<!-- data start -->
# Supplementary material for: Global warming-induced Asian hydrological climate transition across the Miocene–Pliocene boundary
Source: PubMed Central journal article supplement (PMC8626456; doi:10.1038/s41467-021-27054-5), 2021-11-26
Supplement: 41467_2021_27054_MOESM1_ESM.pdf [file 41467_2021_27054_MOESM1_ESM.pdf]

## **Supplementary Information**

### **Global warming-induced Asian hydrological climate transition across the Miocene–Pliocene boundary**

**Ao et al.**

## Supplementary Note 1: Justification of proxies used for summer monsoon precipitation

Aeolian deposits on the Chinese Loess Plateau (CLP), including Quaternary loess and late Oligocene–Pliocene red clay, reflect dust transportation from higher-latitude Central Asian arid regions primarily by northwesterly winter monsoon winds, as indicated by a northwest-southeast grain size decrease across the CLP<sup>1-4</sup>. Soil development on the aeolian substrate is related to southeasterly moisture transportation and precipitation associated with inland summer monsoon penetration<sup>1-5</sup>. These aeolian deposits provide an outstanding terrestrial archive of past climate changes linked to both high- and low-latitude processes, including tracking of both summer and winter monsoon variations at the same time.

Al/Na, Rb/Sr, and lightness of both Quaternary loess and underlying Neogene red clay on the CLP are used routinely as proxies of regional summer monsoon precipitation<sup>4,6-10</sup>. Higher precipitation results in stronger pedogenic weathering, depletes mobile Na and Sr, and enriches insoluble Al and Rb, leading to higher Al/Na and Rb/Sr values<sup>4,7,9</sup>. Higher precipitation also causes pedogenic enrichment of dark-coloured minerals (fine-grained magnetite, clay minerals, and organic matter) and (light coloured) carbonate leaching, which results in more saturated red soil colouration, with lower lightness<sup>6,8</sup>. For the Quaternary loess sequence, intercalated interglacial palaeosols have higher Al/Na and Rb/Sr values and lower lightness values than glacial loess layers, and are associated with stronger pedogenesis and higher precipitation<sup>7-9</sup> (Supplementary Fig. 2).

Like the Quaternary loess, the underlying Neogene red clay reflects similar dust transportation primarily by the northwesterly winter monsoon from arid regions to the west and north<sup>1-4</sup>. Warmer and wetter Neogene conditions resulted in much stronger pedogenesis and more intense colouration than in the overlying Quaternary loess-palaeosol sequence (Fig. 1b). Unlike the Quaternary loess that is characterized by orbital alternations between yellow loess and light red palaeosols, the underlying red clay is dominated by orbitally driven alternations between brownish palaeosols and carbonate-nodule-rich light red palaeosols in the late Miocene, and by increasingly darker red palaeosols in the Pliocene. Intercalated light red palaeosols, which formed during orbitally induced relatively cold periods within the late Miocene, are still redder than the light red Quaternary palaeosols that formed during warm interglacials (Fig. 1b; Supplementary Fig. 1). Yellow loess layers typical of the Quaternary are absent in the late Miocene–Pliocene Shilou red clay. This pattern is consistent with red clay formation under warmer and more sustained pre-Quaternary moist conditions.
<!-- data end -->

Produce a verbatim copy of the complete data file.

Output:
# Supplementary material for: Global warming-induced Asian hydrological climate transition across the Miocene–Pliocene boundary
Source: PubMed Central journal article supplement (PMC8626456; doi:10.1038/s41467-021-27054-5), 2021-11-26
Supplement: 41467_2021_27054_MOESM1_ESM.pdf [file 41467_2021_27054_MOESM1_ESM.pdf]

## **Supplementary Information**

### **Global warming-induced Asian hydrological climate transition across the Miocene–Pliocene boundary**

**Ao et al.**

## Supplementary Note 1: Justification of proxies used for summer monsoon precipitation

Aeolian deposits on the Chinese Loess Plateau (CLP), including Quaternary loess and late Oligocene–Pliocene red clay, reflect dust transportation from higher-latitude Central Asian arid regions primarily by northwesterly winter monsoon winds, as indicated by a northwest-southeast grain size decrease across the CLP<sup>1-4</sup>. Soil development on the aeolian substrate is related to southeasterly moisture transportation and precipitation associated with inland summer monsoon penetration<sup>1-5</sup>. These aeolian deposits provide an outstanding terrestrial archive of past climate changes linked to both high- and low-latitude processes, including tracking of both summer and winter monsoon variations at the same time.

Al/Na, Rb/Sr, and lightness of both Quaternary loess and underlying Neogene red clay on the CLP are used routinely as proxies of regional summer monsoon precipitation<sup>4,6-10</sup>. Higher precipitation results in stronger pedogenic weathering, depletes mobile Na and Sr, and enriches insoluble Al and Rb, leading to higher Al/Na and Rb/Sr values<sup>4,7,9</sup>. Higher precipitation also causes pedogenic enrichment of dark-coloured minerals (fine-grained magnetite, clay minerals, and organic matter) and (light coloured) carbonate leaching, which results in more saturated red soil colouration, with lower lightness<sup>6,8</sup>. For the Quaternary loess sequence, intercalated interglacial palaeosols have higher Al/Na and Rb/Sr values and lower lightness values than glacial loess layers, and are associated with stronger pedogenesis and higher precipitation<sup>7-9</sup> (Supplementary Fig. 2).

Like the Quaternary loess, the underlying Neogene red clay reflects similar dust transportation primarily by the northwesterly winter monsoon from arid regions to the west and north<sup>1-4</sup>. Warmer and wetter Neogene conditions resulted in much stronger pedogenesis and more intense colouration than in the overlying Quaternary loess-palaeosol sequence (Fig. 1b). Unlike the Quaternary loess that is characterized by orbital alternations between yellow loess and light red palaeosols, the underlying red clay is dominated by orbitally driven alternations between brownish palaeosols and carbonate-nodule-rich light red palaeosols in the late Miocene, and by increasingly darker red palaeosols in the Pliocene. Intercalated light red palaeosols, which formed during orbitally induced relatively cold periods within the late Miocene, are still redder than the light red Quaternary palaeosols that formed during warm interglacials (Fig. 1b; Supplementary Fig. 1). Yellow loess layers typical of the Quaternary are absent in the late Miocene–Pliocene Shilou red clay. This pattern is consistent with red clay formation under warmer and more sustained pre-Quaternary moist conditions.